- The Washington Times - Saturday, March 10, 2007


By Jan Crawford Greenburg

Penguin Press, $27.95,

340 pages


The Supreme Court has a broad and pervasive impact on all facets of American life, but it is the least known branch of government. The nine justices toil in relative obscurity, and the absence of television cameras makes their work less approachable than that of their counterparts in the executive and legislative branches.

Fortunately, ABC News correspondent Jan Crawford Greenburg has come to the rescue. In “Supreme Conflict: The Inside Story of the Struggle for Control of the United States Supreme Court,” she provides a primer about how the court works, with plenty of examples from the last 25 years.

Don’t despair, however; this is not a dry, difficult-to-wade-through textbook that makes all but the most avid history buffs reach for the No-Doze. Rather, Ms. Greenburg has produced a compelling narrative that combines Politics 101, solid legal analysis and more than a little gossip.

Ms. Greenburg, who has a law degree from the University of Chicago, focuses on the efforts by conservatives to capture the high court’s ideological soul. She credits President Bush, whose efforts to cement legacies on foreign policy and in certain domestic areas are still works in progress, for shaping a high court in his philosophical image.

She contends that in appointing John Roberts as chief justice and Samuel Alito as an associate justice, President Bush found men who possessed both first-rate intellects and political skills who could “build alliances and working majorities… . The Court is now poised to recede from some of the divisive cultural debates. George W. Bush and his team of lawyers will be shaping the direction of American law and culture long after many of them are dead.’

Unlike Justices Anthony Kennedy, Sandra Day O’Connor and David Souter, who were appointed by Republican presidents but turned out to have moderate views on issues such as civil rights and abortion, Justice Alito and Justice Roberts have a well-grounded conservative philosophy and are less apt to be persuaded by strong-willed colleagues.

Justice O’Connor actually voted with her left-leaning colleagues more often after liberal icon Associate Justice William Brennan left the court in 1990, in part because there was bad blood between the two justices stemming from Justice Brennan’s rebuke of Justice O’Connor in a dissent during her first term on the court.

The book succinctly summarizes the contrasting approaches to jurisprudence and intracourt politicking of Mr. Roberts and Ms. O’Connor.

“Roberts was different from O’Connor in almost every way, and he had little patience for her approach to the law, which he saw as undisciplined, almost to the point that bordered on irresponsible,” Ms. Greenburg concludes. “Her vote was always up for grabs. That was not how John Roberts thought a Supreme Court justice should be. Roberts thought the focus should be on the law, not the individual judge or justice.”

Ms. Greenburg does not tell the reader which approach she favors. This focus on reportage and analysis serves her well and makes for a generally evenhanded book.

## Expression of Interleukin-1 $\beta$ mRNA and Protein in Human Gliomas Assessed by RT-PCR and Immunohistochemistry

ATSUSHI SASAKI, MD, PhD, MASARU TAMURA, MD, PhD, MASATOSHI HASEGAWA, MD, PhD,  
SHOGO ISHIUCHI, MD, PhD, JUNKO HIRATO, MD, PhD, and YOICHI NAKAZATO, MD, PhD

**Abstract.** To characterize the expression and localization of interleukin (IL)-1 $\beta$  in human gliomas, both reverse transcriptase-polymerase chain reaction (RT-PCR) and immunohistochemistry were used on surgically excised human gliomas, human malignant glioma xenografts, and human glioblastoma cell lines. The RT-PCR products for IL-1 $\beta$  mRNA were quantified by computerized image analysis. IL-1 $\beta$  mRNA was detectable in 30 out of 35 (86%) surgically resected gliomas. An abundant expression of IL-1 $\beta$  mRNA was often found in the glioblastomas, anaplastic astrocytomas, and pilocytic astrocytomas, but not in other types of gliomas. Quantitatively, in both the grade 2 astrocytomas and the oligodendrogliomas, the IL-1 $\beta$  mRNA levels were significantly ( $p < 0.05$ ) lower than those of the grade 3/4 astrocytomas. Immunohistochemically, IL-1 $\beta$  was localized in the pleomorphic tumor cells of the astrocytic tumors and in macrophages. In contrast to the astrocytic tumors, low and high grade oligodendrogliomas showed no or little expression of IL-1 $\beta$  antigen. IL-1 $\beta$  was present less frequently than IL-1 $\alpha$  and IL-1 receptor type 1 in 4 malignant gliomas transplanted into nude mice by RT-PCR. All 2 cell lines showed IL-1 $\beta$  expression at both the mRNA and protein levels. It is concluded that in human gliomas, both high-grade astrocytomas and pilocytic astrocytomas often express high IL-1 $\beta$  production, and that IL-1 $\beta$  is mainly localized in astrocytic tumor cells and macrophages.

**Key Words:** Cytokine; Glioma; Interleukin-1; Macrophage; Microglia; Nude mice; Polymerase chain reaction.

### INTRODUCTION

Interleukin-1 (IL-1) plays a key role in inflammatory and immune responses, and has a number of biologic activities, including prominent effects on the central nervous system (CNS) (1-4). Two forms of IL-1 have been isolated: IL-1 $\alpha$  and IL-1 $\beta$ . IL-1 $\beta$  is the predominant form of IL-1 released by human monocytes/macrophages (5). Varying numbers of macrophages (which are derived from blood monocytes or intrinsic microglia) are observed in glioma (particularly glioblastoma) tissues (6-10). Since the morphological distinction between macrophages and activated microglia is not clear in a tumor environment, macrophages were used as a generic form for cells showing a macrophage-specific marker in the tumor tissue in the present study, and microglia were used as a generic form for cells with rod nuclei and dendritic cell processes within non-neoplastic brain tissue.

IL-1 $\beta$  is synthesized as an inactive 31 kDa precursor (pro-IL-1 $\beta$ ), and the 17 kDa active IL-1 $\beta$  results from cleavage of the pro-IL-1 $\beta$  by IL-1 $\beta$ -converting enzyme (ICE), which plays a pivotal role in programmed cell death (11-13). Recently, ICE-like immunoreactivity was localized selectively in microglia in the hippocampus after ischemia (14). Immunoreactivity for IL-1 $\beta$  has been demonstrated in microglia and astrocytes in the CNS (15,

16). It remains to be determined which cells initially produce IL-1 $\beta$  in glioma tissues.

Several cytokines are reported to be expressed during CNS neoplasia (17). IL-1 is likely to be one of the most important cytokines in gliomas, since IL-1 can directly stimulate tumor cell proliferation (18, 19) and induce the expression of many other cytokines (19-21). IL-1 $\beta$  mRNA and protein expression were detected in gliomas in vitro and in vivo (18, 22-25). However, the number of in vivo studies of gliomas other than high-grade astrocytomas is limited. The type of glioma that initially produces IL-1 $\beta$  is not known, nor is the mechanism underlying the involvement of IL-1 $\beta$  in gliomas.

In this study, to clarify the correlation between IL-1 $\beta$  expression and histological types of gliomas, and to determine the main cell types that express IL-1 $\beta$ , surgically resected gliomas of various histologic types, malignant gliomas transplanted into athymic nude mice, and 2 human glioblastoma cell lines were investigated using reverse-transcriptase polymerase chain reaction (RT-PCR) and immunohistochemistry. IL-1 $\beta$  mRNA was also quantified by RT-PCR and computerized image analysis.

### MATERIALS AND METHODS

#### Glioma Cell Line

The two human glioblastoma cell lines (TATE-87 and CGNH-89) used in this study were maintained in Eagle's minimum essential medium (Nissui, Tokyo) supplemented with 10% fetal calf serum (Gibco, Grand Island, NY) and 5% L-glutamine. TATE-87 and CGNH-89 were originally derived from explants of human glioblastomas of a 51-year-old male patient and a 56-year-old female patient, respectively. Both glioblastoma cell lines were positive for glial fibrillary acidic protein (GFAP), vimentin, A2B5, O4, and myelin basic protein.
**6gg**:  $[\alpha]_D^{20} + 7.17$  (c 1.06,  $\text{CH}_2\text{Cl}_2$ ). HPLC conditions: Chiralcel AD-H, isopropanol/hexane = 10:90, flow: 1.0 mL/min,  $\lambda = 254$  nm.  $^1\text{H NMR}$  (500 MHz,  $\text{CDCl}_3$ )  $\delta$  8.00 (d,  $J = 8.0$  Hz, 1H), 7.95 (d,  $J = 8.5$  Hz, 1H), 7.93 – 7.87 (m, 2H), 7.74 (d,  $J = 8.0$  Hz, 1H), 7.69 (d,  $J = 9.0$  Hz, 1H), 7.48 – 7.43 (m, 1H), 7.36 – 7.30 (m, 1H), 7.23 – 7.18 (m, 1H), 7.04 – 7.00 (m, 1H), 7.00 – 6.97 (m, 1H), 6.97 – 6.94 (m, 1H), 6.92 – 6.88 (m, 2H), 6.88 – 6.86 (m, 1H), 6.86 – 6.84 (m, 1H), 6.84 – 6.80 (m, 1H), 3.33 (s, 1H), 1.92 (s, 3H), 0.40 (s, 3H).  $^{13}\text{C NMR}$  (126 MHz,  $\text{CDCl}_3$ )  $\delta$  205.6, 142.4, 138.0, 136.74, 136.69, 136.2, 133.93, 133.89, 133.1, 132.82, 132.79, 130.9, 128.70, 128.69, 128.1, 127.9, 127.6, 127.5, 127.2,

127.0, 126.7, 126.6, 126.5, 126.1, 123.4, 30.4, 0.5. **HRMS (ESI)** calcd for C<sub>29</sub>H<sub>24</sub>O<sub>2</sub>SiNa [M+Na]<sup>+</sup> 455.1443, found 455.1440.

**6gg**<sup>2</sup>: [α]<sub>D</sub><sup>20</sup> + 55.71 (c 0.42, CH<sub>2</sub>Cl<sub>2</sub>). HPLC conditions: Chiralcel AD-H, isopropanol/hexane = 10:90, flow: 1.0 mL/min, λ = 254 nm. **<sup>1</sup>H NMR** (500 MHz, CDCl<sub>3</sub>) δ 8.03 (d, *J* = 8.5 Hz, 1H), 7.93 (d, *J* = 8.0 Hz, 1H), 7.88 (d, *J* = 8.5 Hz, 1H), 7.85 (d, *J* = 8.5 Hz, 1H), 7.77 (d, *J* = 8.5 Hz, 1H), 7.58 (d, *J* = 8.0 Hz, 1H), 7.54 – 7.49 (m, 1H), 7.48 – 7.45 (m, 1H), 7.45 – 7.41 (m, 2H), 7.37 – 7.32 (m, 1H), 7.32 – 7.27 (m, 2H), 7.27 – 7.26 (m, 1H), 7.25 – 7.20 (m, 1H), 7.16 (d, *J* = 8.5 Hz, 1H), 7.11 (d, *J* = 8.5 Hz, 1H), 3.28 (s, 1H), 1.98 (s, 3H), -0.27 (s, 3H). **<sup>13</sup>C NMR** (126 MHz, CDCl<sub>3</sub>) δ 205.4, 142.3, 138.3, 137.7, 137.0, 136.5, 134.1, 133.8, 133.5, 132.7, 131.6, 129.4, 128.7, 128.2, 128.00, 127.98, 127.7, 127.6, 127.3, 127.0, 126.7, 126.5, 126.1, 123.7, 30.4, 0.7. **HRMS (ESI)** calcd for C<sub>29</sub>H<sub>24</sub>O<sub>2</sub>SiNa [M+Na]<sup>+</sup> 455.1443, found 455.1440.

It falls short in a key area: failing to give enough attention to the intellectual rationale behind the liberal approach to jurisprudence. She focuses extensive attention on efforts by conservatives to overturn what they see as the past activism and excesses of the high court. Their critique gets a great deal of ink but there is not equal space given to what motivated liberals to enact their worldview when deciding cases.

However, her extensive attention to the conservative legal revolution pays off in the form of revealing details about the behind-the-scenes maneuvering in the White House and the Department of Justice during the judicial selection process. Those who love palace intrigue and detailed chronicles of ideological battles will find many juicy tidbits.

She dispels several bits of conventional wisdom that have often been repeated in the media. Justice Clarence Thomas, who is regularly depicted as under the political thumb of Justices Antonin Scalia, is in fact very much his own person, and Ms. Greenburg shows how in several cases Justice Thomas brought Justice Scalia around to his way of thinking.

Also, Kenneth Starr, who became a hero to conservatives during his stint as the special prosecutor during the Clinton administration, was thought to be too philosophically unreliable for a seat on the high court when one became open during the first Bush presidency. Ironically, the vacancy went to Mr. Souter, whom conservatives view as an unmitigated disaster.

This combination of analysis, gossip, and myth dispelling makes “Supreme Conflict” a valuable contribution to the discussion of contemporary politics and policy.

Claude R. Marx is a political columnist for the Eagle-Tribune in North Andover, Massachusetts and author of a chapter on media and politics in the forthcoming book “The Sixth Year Itch,” edited by Larry Sabato.

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